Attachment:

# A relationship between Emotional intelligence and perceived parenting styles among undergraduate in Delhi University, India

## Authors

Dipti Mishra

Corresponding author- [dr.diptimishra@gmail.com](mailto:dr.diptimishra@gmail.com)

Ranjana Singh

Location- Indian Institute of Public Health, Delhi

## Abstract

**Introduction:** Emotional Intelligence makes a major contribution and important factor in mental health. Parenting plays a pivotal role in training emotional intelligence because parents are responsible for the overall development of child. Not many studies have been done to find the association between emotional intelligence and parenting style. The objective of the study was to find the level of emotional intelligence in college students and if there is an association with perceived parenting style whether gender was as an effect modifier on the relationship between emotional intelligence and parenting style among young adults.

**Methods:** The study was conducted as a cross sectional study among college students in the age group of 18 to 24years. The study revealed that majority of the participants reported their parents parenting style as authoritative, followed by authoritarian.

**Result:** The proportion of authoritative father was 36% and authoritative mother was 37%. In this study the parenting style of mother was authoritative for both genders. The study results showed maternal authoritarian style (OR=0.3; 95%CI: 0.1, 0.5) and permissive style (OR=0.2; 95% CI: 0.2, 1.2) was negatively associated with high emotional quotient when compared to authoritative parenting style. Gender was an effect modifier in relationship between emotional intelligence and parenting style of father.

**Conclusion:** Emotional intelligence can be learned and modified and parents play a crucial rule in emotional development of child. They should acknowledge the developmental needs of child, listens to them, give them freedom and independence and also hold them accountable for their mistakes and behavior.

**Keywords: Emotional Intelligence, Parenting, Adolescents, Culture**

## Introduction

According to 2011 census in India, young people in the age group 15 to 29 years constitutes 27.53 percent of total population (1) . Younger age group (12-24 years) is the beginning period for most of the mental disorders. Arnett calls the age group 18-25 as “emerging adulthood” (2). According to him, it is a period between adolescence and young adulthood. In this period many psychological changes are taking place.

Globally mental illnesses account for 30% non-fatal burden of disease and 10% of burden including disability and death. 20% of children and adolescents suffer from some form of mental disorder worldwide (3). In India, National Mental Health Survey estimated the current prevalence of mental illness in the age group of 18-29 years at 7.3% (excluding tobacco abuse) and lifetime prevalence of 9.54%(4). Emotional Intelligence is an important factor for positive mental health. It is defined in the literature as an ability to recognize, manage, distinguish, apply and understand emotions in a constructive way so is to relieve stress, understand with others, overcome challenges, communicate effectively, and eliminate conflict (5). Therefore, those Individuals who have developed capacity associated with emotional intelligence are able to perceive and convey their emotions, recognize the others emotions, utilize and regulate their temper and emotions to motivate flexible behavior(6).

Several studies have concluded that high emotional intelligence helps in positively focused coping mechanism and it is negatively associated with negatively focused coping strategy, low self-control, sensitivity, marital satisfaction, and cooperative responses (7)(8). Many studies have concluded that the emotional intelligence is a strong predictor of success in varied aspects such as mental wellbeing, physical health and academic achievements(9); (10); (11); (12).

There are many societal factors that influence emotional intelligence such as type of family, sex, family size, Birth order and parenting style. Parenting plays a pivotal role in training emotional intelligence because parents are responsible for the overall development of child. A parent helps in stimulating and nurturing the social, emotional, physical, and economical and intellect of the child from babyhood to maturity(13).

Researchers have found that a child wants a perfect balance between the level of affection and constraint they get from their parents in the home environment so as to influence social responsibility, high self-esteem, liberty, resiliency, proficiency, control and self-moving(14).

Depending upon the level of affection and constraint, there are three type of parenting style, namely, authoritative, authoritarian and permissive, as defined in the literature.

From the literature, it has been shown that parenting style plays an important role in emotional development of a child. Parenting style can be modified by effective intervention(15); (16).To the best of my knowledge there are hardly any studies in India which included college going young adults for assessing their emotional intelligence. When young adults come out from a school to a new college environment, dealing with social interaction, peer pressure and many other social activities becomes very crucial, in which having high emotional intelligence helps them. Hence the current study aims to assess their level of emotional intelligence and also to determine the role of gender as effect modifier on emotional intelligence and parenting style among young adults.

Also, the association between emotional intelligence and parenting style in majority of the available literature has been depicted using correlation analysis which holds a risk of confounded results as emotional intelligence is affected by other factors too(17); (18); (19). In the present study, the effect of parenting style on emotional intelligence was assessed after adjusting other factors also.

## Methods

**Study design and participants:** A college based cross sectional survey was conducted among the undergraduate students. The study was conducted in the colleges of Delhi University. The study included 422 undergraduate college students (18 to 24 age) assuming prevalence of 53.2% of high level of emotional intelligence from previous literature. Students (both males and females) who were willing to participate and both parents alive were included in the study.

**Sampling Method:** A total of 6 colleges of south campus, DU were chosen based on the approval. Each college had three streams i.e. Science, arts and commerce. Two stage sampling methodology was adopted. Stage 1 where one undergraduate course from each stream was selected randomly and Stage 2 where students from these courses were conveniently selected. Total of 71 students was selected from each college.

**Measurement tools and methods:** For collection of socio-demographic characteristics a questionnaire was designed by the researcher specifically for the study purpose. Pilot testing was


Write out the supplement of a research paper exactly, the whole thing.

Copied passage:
# A relationship between Emotional intelligence and perceived parenting styles among undergraduate in Delhi University, India

## Authors

Dipti Mishra

Corresponding author- [dr.diptimishra@gmail.com](mailto:dr.diptimishra@gmail.com)

Ranjana Singh

Location- Indian Institute of Public Health, Delhi

## Abstract

**Introduction:** Emotional Intelligence makes a major contribution and important factor in mental health. Parenting plays a pivotal role in training emotional intelligence because parents are responsible for the overall development of child. Not many studies have been done to find the association between emotional intelligence and parenting style. The objective of the study was to find the level of emotional intelligence in college students and if there is an association with perceived parenting style whether gender was as an effect modifier on the relationship between emotional intelligence and parenting style among young adults.

**Methods:** The study was conducted as a cross sectional study among college students in the age group of 18 to 24years. The study revealed that majority of the participants reported their parents parenting style as authoritative, followed by authoritarian.

**Result:** The proportion of authoritative father was 36% and authoritative mother was 37%. In this study the parenting style of mother was authoritative for both genders. The study results showed maternal authoritarian style (OR=0.3; 95%CI: 0.1, 0.5) and permissive style (OR=0.2; 95% CI: 0.2, 1.2) was negatively associated with high emotional quotient when compared to authoritative parenting style. Gender was an effect modifier in relationship between emotional intelligence and parenting style of father.

**Conclusion:** Emotional intelligence can be learned and modified and parents play a crucial rule in emotional development of child. They should acknowledge the developmental needs of child, listens to them, give them freedom and independence and also hold them accountable for their mistakes and behavior.

**Keywords: Emotional Intelligence, Parenting, Adolescents, Culture**

## Introduction

According to 2011 census in India, young people in the age group 15 to 29 years constitutes 27.53 percent of total population (1) . Younger age group (12-24 years) is the beginning period for most of the mental disorders. Arnett calls the age group 18-25 as “emerging adulthood” (2). According to him, it is a period between adolescence and young adulthood. In this period many psychological changes are taking place.

Globally mental illnesses account for 30% non-fatal burden of disease and 10% of burden including disability and death. 20% of children and adolescents suffer from some form of mental disorder worldwide (3). In India, National Mental Health Survey estimated the current prevalence of mental illness in the age group of 18-29 years at 7.3% (excluding tobacco abuse) and lifetime prevalence of 9.54%(4). Emotional Intelligence is an important factor for positive mental health. It is defined in the literature as an ability to recognize, manage, distinguish, apply and understand emotions in a constructive way so is to relieve stress, understand with others, overcome challenges, communicate effectively, and eliminate conflict (5). Therefore, those Individuals who have developed capacity associated with emotional intelligence are able to perceive and convey their emotions, recognize the others emotions, utilize and regulate their temper and emotions to motivate flexible behavior(6).

Several studies have concluded that high emotional intelligence helps in positively focused coping mechanism and it is negatively associated with negatively focused coping strategy, low self-control, sensitivity, marital satisfaction, and cooperative responses (7)(8). Many studies have concluded that the emotional intelligence is a strong predictor of success in varied aspects such as mental wellbeing, physical health and academic achievements(9); (10); (11); (12).

There are many societal factors that influence emotional intelligence such as type of family, sex, family size, Birth order and parenting style. Parenting plays a pivotal role in training emotional intelligence because parents are responsible for the overall development of child. A parent helps in stimulating and nurturing the social, emotional, physical, and economical and intellect of the child from babyhood to maturity(13).

Researchers have found that a child wants a perfect balance between the level of affection and constraint they get from their parents in the home environment so as to influence social responsibility, high self-esteem, liberty, resiliency, proficiency, control and self-moving(14).

Depending upon the level of affection and constraint, there are three type of parenting style, namely, authoritative, authoritarian and permissive, as defined in the literature.

From the literature, it has been shown that parenting style plays an important role in emotional development of a child. Parenting style can be modified by effective intervention(15); (16).To the best of my knowledge there are hardly any studies in India which included college going young adults for assessing their emotional intelligence. When young adults come out from a school to a new college environment, dealing with social interaction, peer pressure and many other social activities becomes very crucial, in which having high emotional intelligence helps them. Hence the current study aims to assess their level of emotional intelligence and also to determine the role of gender as effect modifier on emotional intelligence and parenting style among young adults.

Also, the association between emotional intelligence and parenting style in majority of the available literature has been depicted using correlation analysis which holds a risk of confounded results as emotional intelligence is affected by other factors too(17); (18); (19). In the present study, the effect of parenting style on emotional intelligence was assessed after adjusting other factors also.

## Methods

**Study design and participants:** A college based cross sectional survey was conducted among the undergraduate students. The study was conducted in the colleges of Delhi University. The study included 422 undergraduate college students (18 to 24 age) assuming prevalence of 53.2% of high level of emotional intelligence from previous literature. Students (both males and females) who were willing to participate and both parents alive were included in the study.

**Sampling Method:** A total of 6 colleges of south campus, DU were chosen based on the approval. Each college had three streams i.e. Science, arts and commerce. Two stage sampling methodology was adopted. Stage 1 where one undergraduate course from each stream was selected randomly and Stage 2 where students from these courses were conveniently selected. Total of 71 students was selected from each college.

**Measurement tools and methods:** For collection of socio-demographic characteristics a questionnaire was designed by the researcher specifically for the study purpose. Pilot testing was